Wolfe Publishing Group

    Going Public

    Giant Muley for Dad

    Mark Copenhaver has been applying for the Paunsaugunt for well over a decade and finally beat the Utah odds by drawing a mule deer tag. In a strange but modern way, Mark got hooked up with David Virostko at North Rim Outfitters (virostkohunts.com). Reluctant to use a guide, Mark eventually gave in, hoping to maximize his public-land hunt opportunity.

    Guide Graig Ogden was eager to get started when Mark arrived October 15. The pair scouted the hills and habitat for days, picking apart every juniper and sagebrush in the country in the ultimate test of their optics.

    Mark Copenhaver found a giant mule deer, a public-land Utah buck that reminded the hunter of his late father. The buck scored about 222 inches.
    Mark Copenhaver found a giant mule deer, a public-land Utah buck that reminded the hunter of his late father. The buck scored about 222 inches.

    On Monday, October 19, the pair headed for the high country to a lookout about three miles from the truck before it got light. No sooner had they started to pick the terrain apart when it started to rain, and after four hours of the deluge, they opted to walk to another lookout about two miles away. They checked fingers and vantage points to scour what appeared to be perfect deer country.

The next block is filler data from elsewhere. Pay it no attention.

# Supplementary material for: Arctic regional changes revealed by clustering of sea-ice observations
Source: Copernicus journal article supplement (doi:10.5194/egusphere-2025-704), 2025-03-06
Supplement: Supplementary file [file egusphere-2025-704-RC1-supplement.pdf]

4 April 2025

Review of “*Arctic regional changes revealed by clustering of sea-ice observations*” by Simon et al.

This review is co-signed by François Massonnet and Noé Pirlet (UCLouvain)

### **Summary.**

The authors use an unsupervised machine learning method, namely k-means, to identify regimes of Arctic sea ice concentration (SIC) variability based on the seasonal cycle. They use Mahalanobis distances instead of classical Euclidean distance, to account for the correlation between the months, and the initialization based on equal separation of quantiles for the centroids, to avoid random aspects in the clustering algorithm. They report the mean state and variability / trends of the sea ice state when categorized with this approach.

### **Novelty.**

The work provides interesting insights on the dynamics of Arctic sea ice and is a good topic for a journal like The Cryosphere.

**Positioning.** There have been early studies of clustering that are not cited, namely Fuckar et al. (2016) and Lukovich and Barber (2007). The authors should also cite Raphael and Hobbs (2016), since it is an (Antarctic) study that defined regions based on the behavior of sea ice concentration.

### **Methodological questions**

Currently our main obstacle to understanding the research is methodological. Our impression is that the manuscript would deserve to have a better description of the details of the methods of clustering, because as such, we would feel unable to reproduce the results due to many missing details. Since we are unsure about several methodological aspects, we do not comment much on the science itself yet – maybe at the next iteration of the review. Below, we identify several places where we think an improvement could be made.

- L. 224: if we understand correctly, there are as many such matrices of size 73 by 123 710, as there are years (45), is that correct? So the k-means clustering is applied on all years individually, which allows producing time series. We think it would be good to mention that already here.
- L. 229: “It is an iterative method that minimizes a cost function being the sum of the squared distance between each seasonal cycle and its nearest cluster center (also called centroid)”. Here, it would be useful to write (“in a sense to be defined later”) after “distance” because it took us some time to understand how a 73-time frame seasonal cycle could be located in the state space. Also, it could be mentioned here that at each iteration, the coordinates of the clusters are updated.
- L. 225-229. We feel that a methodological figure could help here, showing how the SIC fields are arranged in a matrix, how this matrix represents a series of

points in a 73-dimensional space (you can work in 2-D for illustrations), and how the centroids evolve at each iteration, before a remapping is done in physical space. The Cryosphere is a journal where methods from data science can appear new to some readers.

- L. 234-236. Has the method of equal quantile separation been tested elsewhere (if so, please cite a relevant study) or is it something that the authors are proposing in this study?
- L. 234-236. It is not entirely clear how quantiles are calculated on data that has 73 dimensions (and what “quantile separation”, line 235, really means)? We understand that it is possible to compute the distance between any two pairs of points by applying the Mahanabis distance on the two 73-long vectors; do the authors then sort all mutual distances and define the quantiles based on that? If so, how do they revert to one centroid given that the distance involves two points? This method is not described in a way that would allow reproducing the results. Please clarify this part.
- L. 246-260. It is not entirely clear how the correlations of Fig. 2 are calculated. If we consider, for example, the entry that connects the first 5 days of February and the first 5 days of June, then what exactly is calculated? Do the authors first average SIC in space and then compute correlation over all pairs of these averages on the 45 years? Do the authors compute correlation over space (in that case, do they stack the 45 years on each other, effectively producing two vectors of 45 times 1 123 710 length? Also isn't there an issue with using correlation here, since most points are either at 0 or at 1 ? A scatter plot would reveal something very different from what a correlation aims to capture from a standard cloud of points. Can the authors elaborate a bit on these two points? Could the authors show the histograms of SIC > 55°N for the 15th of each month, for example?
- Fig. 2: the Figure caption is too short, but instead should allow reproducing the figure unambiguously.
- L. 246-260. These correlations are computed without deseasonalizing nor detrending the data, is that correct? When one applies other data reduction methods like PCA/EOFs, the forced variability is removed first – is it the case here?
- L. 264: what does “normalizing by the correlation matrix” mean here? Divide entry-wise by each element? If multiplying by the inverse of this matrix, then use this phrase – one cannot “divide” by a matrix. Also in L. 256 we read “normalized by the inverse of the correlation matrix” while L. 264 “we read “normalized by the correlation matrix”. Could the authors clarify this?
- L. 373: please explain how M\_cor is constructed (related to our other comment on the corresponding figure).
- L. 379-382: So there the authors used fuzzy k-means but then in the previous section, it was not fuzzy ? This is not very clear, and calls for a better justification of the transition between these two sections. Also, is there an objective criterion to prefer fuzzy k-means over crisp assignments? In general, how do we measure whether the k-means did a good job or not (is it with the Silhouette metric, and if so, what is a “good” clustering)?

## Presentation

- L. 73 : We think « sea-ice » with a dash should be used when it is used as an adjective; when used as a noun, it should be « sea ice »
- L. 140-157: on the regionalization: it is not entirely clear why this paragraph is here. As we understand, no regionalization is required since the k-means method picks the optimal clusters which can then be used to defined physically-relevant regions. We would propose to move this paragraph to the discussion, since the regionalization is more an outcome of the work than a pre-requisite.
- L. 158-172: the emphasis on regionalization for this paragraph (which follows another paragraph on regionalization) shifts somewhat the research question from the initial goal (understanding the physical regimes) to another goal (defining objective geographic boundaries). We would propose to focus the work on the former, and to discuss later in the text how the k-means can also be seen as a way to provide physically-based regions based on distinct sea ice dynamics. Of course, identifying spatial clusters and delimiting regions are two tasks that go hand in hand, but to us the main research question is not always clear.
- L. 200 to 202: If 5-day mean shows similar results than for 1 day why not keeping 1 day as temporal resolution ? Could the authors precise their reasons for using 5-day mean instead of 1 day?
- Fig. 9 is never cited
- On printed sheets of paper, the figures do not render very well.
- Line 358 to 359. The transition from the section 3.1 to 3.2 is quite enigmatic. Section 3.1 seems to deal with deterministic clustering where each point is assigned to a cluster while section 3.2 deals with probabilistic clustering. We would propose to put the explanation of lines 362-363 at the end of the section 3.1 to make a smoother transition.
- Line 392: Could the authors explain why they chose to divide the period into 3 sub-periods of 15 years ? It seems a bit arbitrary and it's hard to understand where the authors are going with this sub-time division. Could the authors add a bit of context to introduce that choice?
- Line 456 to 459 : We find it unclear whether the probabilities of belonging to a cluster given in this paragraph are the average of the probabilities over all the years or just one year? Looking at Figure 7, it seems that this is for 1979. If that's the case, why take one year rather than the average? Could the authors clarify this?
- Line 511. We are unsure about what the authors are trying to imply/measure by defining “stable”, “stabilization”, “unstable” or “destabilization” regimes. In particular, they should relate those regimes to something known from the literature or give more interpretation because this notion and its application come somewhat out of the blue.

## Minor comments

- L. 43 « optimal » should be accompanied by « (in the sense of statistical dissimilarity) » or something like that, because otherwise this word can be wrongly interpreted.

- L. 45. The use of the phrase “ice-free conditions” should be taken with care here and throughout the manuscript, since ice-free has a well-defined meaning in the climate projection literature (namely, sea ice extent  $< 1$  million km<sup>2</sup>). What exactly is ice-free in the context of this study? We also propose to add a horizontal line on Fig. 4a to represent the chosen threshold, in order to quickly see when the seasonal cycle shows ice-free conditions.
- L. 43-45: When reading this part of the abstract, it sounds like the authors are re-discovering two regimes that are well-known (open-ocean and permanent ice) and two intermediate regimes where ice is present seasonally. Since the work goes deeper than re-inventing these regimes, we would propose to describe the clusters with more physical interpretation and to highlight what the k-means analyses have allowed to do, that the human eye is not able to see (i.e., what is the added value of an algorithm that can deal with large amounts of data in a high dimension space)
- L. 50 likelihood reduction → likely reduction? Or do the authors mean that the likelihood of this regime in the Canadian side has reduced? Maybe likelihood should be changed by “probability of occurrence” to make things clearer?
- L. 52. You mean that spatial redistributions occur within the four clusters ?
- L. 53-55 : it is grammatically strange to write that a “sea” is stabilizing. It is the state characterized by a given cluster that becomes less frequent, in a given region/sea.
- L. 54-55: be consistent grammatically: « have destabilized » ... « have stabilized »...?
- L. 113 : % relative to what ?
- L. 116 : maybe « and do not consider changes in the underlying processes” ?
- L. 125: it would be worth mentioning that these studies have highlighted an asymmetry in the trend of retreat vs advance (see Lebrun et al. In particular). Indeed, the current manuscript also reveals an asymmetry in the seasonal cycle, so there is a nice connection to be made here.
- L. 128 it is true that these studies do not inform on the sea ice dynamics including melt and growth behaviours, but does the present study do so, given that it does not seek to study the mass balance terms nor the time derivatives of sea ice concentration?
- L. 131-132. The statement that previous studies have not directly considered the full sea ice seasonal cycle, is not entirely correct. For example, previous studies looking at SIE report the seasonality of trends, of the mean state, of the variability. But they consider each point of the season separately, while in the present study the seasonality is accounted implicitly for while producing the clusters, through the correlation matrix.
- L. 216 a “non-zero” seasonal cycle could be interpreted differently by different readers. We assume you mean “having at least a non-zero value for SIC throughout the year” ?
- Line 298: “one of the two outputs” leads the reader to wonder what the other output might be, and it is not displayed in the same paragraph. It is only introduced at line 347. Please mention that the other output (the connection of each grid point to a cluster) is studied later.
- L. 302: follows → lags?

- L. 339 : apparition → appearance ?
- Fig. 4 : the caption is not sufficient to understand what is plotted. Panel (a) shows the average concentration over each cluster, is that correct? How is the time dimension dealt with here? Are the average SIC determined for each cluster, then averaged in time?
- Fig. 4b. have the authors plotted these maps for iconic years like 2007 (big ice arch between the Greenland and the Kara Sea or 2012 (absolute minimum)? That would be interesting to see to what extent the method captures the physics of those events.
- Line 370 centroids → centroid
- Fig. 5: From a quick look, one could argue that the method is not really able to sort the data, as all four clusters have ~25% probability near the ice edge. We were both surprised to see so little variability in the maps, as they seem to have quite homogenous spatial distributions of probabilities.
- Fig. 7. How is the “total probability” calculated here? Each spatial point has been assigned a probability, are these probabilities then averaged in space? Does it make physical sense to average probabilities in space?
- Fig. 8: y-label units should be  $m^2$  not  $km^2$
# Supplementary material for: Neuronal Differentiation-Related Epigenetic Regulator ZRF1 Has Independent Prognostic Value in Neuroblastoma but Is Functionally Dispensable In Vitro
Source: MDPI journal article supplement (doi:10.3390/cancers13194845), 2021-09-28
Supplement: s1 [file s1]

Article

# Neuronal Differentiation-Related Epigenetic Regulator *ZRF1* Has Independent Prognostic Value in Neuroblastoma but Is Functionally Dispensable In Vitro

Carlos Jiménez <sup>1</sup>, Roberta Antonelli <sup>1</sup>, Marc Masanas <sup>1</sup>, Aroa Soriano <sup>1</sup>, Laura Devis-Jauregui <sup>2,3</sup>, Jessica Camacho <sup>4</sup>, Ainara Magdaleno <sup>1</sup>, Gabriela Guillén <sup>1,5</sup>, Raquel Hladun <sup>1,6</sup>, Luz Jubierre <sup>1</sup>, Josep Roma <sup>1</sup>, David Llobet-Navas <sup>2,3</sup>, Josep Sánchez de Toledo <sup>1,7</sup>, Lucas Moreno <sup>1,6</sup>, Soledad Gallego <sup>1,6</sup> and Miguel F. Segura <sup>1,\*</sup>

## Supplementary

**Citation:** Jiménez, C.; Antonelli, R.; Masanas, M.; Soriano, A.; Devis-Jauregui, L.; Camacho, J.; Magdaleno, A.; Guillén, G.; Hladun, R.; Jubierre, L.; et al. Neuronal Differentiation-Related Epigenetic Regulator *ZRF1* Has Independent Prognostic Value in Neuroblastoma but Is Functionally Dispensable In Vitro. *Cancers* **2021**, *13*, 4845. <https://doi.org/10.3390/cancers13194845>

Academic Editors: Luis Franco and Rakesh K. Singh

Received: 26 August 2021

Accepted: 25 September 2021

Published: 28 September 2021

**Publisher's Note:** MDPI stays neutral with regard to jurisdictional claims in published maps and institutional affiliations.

While hiking back they jumped a giant buck with antlers that appeared to be in the 200-inch range, but Mark couldn’t get a shot off. He felt defeated, but they kept searching as the sun started to sink lower on the horizon. They were about a half mile from the trailhead when they found a big buck’s tracks freshly cut into the rain-soaked ground. With an hour of light left, they mustered up a final push for the day.

    The pair began to track the buck, and when they figured out its travel direction they closed the distance, became methodical in their approach, and slowed. Mark’s instincts as a seasoned mule deer hunter told him the buck was close, and as he edged up to a juniper he saw the buck standing and whispered to Greg, “What do you think?”

    Graig quickly judged the buck at 190 inches with 20 inches of “junk,” and as he told Mark to shoot, the buck took two steps and was gone. Mark knew the deer wasn’t spooked and carefully edged forward to try to locate the deer again. When he reached the last place where he had seen the buck, Mark peaked around a bush and saw the deer standing at 80 yards, looking back over its rump. The crosshairs in Mark’s riflescope settled on the buck’s neck, and at the crack of the shot the buck disappeared.